Originally Posted by escapethematrix
This is an interesting thread, leasing might be a good option for me but I'm not sure I understand how the math works.......residual of 55% means based on total price thats what you would have to pay to buy the vehicle after the lease is up? I am in NC as well.
A lease is actually remarkably easy to understand if rthey dealer gives you the numbers you need to figure out if you're getting a good deal or getting screwed. Knowing the money factor and residual are key. Here's a quick explainer:
Selling price/cap cost
Lease term. We'll use 36 months here.
To roughly get how much you should be paying, you need all those numbers.
So - calculate the residual value by multiplying the sticker price by the residual. In this case, for simplicity, let's use 55% and a sticker price of 50k.
So the residual value is 27.5k
Now we need to figure out the selling price and cap cost. Negotiate the lease like you would a cash deal. This is VERY important. So, say you're a good negotiator and you get the selling price to be $42k. To get cap cost, add any fees like documentation, tags, payoff for previous loan. Let's say you've got $1k total in those fees. So cap cost is $43k
Money factor is essentially your interest rate. In fact, you can use the money factor to decide if leasing for a few years even if you plan on buying the car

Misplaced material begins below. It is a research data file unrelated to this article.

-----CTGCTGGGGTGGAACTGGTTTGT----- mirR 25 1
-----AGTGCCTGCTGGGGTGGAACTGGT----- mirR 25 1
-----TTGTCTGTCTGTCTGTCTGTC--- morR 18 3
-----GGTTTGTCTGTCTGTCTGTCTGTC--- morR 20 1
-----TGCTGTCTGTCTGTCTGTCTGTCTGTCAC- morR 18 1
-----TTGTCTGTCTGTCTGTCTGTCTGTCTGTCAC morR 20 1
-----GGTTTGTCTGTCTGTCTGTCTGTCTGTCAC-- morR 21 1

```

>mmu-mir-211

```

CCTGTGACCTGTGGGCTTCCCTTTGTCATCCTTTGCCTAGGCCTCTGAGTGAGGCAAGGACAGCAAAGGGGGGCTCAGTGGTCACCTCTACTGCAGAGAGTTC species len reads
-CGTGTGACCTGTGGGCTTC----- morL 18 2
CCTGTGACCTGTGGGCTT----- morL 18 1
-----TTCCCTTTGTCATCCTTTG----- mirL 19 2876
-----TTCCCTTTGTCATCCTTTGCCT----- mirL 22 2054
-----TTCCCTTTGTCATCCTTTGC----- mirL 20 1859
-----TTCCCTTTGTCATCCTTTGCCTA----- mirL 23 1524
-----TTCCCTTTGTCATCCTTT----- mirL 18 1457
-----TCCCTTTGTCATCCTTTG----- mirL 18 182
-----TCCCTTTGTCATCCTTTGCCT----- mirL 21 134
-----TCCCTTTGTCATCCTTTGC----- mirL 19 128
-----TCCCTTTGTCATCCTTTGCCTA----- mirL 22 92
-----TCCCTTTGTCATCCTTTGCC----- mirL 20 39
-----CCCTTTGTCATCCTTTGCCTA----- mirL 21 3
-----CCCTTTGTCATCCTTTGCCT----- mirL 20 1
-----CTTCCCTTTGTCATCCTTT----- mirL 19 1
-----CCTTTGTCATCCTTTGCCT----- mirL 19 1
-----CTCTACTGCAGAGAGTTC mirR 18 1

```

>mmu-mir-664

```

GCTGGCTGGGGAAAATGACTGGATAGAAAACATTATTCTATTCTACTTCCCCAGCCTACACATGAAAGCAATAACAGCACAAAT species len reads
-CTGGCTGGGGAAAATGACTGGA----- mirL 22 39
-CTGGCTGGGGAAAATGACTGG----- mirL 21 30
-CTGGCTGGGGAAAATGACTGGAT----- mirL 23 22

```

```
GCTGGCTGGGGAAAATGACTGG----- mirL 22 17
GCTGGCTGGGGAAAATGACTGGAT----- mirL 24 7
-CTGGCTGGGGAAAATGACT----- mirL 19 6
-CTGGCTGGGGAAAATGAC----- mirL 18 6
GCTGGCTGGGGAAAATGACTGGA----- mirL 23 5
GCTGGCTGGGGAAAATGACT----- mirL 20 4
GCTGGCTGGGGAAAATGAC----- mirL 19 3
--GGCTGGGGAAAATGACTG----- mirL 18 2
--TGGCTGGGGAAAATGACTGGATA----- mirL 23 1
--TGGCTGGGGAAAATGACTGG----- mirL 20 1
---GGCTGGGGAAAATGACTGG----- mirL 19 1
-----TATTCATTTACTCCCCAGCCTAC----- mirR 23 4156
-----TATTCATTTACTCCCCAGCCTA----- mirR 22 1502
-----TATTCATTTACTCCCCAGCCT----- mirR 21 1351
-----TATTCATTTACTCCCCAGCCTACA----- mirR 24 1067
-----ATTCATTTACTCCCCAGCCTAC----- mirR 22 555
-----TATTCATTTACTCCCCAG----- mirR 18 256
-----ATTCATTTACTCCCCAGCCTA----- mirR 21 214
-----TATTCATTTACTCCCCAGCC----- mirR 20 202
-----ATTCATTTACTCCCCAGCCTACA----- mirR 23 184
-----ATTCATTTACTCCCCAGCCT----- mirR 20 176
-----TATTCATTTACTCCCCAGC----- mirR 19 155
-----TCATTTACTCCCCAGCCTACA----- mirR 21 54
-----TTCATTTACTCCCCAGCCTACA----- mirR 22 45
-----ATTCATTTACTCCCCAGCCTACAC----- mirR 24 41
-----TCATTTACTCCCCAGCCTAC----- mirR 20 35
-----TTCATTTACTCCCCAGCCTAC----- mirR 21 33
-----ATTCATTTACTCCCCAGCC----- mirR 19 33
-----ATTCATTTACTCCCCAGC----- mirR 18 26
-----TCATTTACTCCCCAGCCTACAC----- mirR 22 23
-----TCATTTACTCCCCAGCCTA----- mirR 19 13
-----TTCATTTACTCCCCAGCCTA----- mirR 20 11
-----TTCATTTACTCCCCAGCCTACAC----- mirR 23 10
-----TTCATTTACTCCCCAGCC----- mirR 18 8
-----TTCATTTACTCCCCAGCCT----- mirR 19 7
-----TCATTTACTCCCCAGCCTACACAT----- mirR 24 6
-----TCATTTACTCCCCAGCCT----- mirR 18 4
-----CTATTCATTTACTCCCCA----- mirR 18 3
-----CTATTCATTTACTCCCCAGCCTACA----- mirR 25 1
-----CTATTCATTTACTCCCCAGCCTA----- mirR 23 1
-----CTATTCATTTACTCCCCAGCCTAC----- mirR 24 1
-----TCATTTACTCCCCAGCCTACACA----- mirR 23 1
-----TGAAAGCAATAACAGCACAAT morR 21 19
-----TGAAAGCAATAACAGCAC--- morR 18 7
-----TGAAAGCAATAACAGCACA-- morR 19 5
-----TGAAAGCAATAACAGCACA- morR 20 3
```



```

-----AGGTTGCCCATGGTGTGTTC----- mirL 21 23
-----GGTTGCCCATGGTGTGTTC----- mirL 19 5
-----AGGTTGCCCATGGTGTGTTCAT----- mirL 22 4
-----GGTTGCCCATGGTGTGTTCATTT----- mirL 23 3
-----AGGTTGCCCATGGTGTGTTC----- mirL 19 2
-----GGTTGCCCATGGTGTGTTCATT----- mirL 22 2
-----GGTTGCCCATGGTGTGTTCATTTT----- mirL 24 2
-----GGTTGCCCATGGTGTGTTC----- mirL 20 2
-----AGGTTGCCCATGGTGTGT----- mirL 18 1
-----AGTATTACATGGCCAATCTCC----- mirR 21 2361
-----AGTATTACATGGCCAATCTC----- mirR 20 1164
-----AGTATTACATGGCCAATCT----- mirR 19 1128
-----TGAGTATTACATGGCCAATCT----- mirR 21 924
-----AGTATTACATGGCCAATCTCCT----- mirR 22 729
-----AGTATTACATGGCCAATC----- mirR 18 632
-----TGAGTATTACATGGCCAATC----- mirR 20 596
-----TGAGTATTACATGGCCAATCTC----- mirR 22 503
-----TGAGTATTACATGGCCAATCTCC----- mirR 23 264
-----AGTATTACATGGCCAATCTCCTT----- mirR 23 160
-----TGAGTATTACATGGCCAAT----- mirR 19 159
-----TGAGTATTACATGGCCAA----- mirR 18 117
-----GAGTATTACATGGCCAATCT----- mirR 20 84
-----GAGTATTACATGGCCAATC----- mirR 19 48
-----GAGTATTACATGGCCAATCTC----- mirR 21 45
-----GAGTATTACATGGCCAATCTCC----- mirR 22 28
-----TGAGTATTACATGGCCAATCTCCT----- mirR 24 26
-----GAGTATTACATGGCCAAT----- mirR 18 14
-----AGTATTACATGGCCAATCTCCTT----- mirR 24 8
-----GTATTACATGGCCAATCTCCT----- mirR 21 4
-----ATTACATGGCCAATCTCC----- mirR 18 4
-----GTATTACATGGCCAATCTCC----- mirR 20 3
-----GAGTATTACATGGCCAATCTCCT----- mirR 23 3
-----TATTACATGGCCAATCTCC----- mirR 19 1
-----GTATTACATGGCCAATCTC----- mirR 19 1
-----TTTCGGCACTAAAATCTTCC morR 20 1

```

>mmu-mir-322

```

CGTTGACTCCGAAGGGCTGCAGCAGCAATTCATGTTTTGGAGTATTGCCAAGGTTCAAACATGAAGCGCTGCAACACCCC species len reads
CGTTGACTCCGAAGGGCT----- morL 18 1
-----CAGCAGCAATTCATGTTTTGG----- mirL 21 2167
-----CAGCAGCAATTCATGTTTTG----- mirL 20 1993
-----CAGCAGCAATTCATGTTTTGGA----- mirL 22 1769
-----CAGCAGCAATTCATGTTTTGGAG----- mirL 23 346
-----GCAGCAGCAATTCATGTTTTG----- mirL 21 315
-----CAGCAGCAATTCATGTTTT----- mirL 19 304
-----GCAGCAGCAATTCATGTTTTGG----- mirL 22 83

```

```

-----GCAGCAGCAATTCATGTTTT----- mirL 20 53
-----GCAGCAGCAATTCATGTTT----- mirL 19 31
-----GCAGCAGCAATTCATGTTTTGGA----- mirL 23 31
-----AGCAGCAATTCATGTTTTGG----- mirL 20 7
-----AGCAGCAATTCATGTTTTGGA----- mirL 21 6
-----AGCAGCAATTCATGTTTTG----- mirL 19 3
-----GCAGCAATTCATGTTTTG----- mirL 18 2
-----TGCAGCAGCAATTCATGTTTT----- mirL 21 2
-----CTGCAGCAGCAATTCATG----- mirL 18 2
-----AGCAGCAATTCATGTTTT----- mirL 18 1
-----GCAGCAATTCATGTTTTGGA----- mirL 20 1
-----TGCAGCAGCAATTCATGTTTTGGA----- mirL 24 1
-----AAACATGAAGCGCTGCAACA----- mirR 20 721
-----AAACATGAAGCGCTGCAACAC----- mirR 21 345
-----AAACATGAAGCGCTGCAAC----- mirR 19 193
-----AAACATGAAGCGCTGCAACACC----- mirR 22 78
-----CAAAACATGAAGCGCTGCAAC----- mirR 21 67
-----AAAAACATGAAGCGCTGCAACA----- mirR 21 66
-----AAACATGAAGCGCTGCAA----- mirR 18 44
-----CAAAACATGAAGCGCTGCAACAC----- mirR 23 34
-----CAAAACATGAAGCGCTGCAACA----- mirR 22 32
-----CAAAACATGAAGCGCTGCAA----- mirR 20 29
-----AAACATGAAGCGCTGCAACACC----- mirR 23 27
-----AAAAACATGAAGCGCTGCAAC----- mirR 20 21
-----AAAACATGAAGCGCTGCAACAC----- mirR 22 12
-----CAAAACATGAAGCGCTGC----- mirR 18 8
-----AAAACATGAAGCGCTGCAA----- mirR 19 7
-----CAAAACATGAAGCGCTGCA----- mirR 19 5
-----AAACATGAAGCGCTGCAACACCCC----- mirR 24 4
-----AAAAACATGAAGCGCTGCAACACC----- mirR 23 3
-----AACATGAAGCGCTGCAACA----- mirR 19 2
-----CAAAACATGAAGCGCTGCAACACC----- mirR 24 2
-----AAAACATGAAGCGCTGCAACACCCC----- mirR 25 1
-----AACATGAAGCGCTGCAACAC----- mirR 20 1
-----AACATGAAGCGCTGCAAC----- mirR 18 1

is a good idea (that's my case). Right now, in NC, Chrysler Capital is offering .00007 as the money factor. To figure out what that interest rate is, multiply the MF by 2400. That MF is 0.17% interest. That's right. Nearly zero.
With a lease, you pay the difference between the cap cost and the residual value over the x months of your lease term. In our example, your pay a total of 15.5k at .17% interest divided by 36.
That means your lease payment should be roughly $450/month.
Now, why would the residual and MF be important for you to know? Because if you go with a different bank you might have a higher residual value and higher MF.
You would get nearly the same monthly payment if your residual were at 64% and the MF at .002. That might not matter to you. But if you need to buy out the car or would like to, you're going to get hosed. Or say you want to trade it in - your equity will be far lower.
Dealers can negotiate on selling price, obviously. But they also will often pad the MF. That's why they are reluctant to show you the numbers and it's hard to get a straight answer from them about these things.
Dealers know that if you lease, you might want to lease again. You might want to get out of your lease early in which case the residual value is super important.
Don't get screwed.